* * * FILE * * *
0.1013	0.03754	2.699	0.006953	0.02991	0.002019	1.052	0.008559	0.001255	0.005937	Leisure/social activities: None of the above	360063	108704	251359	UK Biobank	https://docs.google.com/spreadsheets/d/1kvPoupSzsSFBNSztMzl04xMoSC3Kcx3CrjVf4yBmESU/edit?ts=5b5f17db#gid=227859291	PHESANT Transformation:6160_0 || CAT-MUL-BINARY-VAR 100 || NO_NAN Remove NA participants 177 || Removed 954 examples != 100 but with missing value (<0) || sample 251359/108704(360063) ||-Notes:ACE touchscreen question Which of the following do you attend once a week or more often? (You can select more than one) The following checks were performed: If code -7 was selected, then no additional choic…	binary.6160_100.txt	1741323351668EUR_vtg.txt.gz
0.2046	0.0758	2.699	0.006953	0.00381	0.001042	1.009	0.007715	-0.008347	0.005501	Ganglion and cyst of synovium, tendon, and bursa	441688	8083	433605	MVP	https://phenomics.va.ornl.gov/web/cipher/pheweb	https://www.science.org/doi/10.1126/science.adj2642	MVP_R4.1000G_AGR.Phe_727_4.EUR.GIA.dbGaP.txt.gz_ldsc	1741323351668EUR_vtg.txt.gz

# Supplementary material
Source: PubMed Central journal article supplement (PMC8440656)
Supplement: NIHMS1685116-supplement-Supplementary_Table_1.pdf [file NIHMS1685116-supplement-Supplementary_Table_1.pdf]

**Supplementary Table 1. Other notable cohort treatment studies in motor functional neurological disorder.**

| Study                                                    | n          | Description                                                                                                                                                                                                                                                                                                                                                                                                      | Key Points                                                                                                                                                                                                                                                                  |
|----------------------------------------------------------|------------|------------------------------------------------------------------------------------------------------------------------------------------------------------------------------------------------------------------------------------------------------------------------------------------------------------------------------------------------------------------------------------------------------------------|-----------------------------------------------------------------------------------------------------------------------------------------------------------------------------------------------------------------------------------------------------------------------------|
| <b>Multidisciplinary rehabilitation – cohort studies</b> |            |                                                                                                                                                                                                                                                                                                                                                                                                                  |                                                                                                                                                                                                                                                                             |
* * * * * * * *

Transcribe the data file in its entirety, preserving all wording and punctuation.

0.1013	0.03754	2.699	0.006953	0.02991	0.002019	1.052	0.008559	0.001255	0.005937	Leisure/social activities: None of the above	360063	108704	251359	UK Biobank	https://docs.google.com/spreadsheets/d/1kvPoupSzsSFBNSztMzl04xMoSC3Kcx3CrjVf4yBmESU/edit?ts=5b5f17db#gid=227859291	PHESANT Transformation:6160_0 || CAT-MUL-BINARY-VAR 100 || NO_NAN Remove NA participants 177 || Removed 954 examples != 100 but with missing value (<0) || sample 251359/108704(360063) ||-Notes:ACE touchscreen question Which of the following do you attend once a week or more often? (You can select more than one) The following checks were performed: If code -7 was selected, then no additional choic…	binary.6160_100.txt	1741323351668EUR_vtg.txt.gz
0.2046	0.0758	2.699	0.006953	0.00381	0.001042	1.009	0.007715	-0.008347	0.005501	Ganglion and cyst of synovium, tendon, and bursa	441688	8083	433605	MVP	https://phenomics.va.ornl.gov/web/cipher/pheweb	https://www.science.org/doi/10.1126/science.adj2642	MVP_R4.1000G_AGR.Phe_727_4.EUR.GIA.dbGaP.txt.gz_ldsc	1741323351668EUR_vtg.txt.gz

# Supplementary material
Source: PubMed Central journal article supplement (PMC8440656)
Supplement: NIHMS1685116-supplement-Supplementary_Table_1.pdf [file NIHMS1685116-supplement-Supplementary_Table_1.pdf]

**Supplementary Table 1. Other notable cohort treatment studies in motor functional neurological disorder.**

| Study                                                    | n          | Description                                                                                                                                                                                                                                                                                                                                                                                                      | Key Points                                                                                                                                                                                                                                                                  |
|----------------------------------------------------------|------------|------------------------------------------------------------------------------------------------------------------------------------------------------------------------------------------------------------------------------------------------------------------------------------------------------------------------------------------------------------------------------------------------------------------|-----------------------------------------------------------------------------------------------------------------------------------------------------------------------------------------------------------------------------------------------------------------------------|
| <b>Multidisciplinary rehabilitation – cohort studies</b> |            |                                                                                                                                                                                                                                                                                                                                                                                                                  |                                                                                                                                                                                                                                                                             |